16. angus

    angus Well-Known Member

    Depending upon where its at etc., I would also think of creating value as well as deer. "What could I plant that would be 'value added" to the land itself?" Ten-twenty acres of a potentially productive pecan orchard, would prove a lot more valuable than a bunch of pines. Of course the initial planting of the pines would be dirt cheap and have lower maintenance, They are dirt cheap compared to fruit or nut trees and given bulk planting, you do not need to worry about watering etc, the first few years of growth. To keep fruit nut tree vital you would have to water them every few days during the dry season. Also for optimum production of the fruits/nuts, 13-13-13 once a year, or 10-10-10. But over the long run, you would make the land more valuable with fruits and nuts rather than pines, despite the initial costs. I would also plant a some black walnut trees, and forget about them for about 35 years, save for grooming them for height rather than nuts.If you like squirrel hunting plant some mulberries. Deer like them in the Spring, and they are a wonderful squirrel magnet. Sitting under a ripening mulberry tree with a .22 during the Memorial Day Weekend is great fun!
     
  17. Zeeriverrat

    Zeeriverrat Well-Known Member

    Angus..Where are you getting those fruit trees...? I may have to try a few on my place...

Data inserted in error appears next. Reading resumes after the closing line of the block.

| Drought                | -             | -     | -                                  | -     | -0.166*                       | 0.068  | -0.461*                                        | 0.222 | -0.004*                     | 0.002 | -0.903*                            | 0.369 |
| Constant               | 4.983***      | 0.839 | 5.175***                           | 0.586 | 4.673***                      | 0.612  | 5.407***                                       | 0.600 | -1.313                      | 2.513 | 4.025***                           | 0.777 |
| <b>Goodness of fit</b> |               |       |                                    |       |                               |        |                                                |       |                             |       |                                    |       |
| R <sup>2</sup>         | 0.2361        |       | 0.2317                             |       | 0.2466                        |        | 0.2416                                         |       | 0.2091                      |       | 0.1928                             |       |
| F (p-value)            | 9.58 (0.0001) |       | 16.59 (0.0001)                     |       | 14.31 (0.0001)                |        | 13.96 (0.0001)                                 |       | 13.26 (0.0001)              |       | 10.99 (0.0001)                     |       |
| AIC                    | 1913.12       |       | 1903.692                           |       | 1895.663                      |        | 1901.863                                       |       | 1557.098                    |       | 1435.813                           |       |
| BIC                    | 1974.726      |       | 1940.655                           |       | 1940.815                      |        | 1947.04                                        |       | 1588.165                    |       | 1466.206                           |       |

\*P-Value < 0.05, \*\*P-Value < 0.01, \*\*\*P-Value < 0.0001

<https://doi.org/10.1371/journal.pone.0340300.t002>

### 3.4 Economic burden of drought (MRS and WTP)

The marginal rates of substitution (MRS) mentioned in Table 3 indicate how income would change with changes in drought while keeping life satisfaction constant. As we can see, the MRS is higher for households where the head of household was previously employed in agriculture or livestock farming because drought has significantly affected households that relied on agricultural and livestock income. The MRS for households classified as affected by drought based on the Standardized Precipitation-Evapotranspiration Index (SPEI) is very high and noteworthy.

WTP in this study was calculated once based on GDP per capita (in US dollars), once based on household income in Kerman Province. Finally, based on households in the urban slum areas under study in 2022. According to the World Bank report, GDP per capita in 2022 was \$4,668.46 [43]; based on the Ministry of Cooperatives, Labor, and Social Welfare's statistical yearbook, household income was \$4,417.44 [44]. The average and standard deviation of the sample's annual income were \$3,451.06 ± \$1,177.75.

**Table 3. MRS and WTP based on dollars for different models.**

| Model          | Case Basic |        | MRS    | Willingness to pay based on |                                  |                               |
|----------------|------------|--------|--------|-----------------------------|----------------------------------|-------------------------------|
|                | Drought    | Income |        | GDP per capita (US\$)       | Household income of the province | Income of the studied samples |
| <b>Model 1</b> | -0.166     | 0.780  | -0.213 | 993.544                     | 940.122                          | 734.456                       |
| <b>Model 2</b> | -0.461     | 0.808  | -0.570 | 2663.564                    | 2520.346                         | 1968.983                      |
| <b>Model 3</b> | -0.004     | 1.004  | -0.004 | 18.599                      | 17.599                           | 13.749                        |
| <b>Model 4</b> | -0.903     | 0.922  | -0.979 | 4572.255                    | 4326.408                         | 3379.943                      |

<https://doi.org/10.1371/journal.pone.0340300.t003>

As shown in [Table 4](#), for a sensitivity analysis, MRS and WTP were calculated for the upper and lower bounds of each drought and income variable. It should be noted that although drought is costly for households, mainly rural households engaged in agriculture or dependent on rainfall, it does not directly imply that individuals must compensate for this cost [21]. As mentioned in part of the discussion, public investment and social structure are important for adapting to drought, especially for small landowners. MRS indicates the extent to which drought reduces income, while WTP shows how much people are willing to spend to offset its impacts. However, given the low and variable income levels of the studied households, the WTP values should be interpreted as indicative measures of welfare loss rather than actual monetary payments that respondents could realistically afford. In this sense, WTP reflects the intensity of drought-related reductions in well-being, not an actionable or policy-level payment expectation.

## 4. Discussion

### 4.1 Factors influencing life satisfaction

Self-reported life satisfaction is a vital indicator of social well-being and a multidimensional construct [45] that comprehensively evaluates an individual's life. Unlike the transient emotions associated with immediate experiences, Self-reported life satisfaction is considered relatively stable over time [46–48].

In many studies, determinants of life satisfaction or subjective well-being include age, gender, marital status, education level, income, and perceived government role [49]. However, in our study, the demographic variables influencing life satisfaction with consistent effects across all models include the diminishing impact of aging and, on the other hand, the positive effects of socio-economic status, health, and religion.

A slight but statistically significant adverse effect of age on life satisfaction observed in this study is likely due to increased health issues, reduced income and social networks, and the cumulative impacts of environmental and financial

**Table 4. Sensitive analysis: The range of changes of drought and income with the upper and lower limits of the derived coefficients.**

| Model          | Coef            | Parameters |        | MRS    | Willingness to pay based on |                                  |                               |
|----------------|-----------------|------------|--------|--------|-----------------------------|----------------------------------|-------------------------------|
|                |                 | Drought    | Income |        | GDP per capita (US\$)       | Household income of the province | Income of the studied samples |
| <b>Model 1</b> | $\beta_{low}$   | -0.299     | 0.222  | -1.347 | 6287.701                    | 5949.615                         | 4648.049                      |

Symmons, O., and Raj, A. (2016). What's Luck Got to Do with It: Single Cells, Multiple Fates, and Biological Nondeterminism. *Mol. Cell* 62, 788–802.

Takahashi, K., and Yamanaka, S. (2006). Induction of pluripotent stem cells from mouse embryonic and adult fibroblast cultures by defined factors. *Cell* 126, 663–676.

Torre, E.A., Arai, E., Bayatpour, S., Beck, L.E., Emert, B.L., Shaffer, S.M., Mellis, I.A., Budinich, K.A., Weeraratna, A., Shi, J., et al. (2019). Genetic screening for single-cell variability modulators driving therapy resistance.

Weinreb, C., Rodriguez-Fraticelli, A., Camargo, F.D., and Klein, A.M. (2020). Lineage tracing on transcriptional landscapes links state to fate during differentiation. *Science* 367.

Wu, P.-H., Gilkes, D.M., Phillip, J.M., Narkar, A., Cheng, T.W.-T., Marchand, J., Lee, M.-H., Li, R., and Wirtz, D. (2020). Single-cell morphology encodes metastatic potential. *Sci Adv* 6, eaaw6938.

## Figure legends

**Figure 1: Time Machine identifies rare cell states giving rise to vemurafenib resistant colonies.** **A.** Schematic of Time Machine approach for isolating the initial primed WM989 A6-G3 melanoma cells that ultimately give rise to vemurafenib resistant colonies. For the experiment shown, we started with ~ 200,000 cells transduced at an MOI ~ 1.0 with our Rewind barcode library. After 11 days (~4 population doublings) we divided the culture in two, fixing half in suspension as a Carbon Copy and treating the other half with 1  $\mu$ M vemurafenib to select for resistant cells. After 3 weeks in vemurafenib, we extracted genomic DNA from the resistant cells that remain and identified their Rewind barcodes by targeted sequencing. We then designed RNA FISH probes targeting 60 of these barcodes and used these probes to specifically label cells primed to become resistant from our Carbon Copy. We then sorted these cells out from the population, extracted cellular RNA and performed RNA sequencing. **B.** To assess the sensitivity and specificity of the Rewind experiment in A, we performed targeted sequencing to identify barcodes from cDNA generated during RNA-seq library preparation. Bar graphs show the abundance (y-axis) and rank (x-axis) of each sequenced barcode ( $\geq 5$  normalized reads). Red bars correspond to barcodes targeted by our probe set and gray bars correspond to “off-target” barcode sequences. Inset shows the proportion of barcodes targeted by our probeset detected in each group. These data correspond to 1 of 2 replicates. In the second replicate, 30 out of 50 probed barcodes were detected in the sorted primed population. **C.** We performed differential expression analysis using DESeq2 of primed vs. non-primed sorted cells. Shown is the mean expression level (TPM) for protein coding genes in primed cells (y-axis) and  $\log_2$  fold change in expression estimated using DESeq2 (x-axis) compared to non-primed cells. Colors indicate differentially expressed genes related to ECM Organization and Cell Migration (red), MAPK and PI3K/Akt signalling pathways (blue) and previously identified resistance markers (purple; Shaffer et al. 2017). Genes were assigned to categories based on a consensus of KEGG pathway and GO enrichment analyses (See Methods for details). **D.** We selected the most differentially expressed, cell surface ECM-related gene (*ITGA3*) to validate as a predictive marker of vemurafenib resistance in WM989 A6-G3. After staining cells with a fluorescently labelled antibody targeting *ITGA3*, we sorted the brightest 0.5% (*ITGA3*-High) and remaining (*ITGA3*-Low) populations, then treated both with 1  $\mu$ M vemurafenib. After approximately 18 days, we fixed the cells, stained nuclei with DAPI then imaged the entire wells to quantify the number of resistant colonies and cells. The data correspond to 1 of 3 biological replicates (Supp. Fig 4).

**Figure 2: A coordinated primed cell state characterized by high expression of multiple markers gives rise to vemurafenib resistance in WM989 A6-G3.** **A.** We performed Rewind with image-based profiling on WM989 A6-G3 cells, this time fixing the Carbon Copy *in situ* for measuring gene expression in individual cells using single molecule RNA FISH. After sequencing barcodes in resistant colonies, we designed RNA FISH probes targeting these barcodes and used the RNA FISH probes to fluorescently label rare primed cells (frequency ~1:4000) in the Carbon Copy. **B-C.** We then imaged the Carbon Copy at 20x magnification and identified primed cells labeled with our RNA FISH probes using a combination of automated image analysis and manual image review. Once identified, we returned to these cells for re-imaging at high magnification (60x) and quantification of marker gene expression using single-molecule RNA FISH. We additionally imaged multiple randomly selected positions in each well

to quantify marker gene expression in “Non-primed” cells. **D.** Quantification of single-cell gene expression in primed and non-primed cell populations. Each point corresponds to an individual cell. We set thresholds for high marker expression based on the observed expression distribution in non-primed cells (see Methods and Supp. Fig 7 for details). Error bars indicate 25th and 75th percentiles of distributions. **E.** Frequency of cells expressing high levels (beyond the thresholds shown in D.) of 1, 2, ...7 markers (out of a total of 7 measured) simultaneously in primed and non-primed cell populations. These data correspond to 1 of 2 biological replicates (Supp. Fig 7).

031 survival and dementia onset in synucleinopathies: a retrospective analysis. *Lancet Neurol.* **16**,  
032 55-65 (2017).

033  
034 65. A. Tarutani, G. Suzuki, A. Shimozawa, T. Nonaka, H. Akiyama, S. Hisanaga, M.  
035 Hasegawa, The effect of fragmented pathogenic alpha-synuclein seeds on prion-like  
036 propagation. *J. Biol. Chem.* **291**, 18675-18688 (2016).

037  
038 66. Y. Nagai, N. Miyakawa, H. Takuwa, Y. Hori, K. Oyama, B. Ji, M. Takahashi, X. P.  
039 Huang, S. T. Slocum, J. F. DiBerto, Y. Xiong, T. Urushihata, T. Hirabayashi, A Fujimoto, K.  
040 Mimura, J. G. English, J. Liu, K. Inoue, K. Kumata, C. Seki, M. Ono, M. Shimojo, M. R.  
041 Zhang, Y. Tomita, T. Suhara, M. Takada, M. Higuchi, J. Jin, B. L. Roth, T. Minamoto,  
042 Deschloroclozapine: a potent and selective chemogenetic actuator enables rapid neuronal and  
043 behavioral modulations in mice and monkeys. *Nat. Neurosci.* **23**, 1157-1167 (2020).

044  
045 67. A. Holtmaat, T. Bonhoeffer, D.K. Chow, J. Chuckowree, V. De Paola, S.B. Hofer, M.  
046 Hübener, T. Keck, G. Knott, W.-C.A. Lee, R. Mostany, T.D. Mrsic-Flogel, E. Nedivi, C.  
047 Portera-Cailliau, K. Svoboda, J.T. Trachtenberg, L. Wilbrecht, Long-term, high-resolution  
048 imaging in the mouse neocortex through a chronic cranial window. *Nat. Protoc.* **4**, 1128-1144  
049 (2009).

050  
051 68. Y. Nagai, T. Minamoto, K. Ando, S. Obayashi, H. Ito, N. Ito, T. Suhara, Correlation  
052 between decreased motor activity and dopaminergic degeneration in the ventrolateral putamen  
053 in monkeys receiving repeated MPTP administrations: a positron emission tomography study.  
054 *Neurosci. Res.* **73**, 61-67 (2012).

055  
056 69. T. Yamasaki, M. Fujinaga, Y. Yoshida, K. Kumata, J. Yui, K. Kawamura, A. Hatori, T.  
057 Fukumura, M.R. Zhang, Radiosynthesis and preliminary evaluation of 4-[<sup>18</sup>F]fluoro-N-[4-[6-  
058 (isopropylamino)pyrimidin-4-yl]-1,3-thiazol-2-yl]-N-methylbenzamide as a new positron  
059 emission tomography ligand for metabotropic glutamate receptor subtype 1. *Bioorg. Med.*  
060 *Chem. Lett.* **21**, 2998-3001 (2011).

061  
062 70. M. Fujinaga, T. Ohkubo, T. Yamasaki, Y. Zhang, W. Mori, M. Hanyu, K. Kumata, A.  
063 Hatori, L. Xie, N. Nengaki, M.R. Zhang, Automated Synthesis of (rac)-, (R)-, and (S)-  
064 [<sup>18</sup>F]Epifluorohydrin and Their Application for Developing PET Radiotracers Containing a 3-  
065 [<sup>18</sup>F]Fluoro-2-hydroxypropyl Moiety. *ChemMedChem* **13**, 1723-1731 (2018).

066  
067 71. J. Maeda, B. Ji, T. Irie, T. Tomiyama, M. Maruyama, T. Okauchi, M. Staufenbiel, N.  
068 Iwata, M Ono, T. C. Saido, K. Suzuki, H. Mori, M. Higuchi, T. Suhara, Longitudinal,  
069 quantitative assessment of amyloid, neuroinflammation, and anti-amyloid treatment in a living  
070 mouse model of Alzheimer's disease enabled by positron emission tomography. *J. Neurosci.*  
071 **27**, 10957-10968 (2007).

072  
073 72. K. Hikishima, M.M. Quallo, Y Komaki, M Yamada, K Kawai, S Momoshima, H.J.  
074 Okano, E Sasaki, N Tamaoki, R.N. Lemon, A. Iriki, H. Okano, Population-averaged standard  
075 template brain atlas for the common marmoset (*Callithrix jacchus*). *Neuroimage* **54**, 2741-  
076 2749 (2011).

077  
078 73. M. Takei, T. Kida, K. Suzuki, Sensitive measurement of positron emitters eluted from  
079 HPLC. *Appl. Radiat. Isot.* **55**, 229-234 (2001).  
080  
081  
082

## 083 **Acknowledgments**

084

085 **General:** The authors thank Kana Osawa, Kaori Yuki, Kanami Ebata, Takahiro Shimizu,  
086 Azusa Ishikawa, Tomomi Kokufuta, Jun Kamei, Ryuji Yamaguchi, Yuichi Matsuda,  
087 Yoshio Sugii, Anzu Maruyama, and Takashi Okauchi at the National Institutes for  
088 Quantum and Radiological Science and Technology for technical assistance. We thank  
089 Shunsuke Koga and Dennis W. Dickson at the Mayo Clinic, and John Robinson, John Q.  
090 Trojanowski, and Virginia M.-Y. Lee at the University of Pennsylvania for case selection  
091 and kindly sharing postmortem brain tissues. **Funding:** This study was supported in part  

Z
     
  18. angus

    angus Well-Known Member

    I ordered mine from Willis Orchards an online nursery site. I have also ordered nut tree from TY Ty nursery, also online. You sometimes have to be careful with local or bargain nurseries as they sell things like Bartlett pears which are almost sure to die of fire blight. Orient, kieffer, moonglow, harrows' pride, Potomac, all have good fire blight resistance. Orient and Kieffer are cooking pears while the others are good to eat raw. Pears do need to be stored and aged a bit prior to eating. Kieffers are self pollinating but the others need to be cross pollinated. that is plant another type of pear tree close by. Pears do not need the same maintenance as apples and grow OK even in poor soils. They do need full sunlight and well drained soil with PH around 6. Best grown on slopes and hill sides. A few kieffers will produce many bushels of pears. Deer love them and they make great preserves.

    Best fire blight resistant apples are William's Pride and Enterprise. The former an early apple and the latter a late one. Both can be pollinated with a crabapple. Williams is sweet but does not keep well. enterprise spicy, great for eating and pies and keeps well. I enjoy playing with my orchard and nut trees nearly as much as I do hunting! For me, its good therapy! With apples you do have to worry about cedar apple rust. Pears can almost be neglected. one old wag once noted that the best way to make a Kiefer pear tree grow is to plant and then try to kill it. If you have ever found an old pear tree on some abandoned farm it was most probably a kiefer. They live for 100 years. Orients and kiefers make beautiful flowers too in the Spring. Deer will stand in line waiting for those pears to drop!!! Orients drop in Sept-Oct and kieffers in Oct-Nov., perfect for hunting.
     
  19. Zeeriverrat

    Zeeriverrat Well-Known Member

    Angus..Thanks for the info..

    Z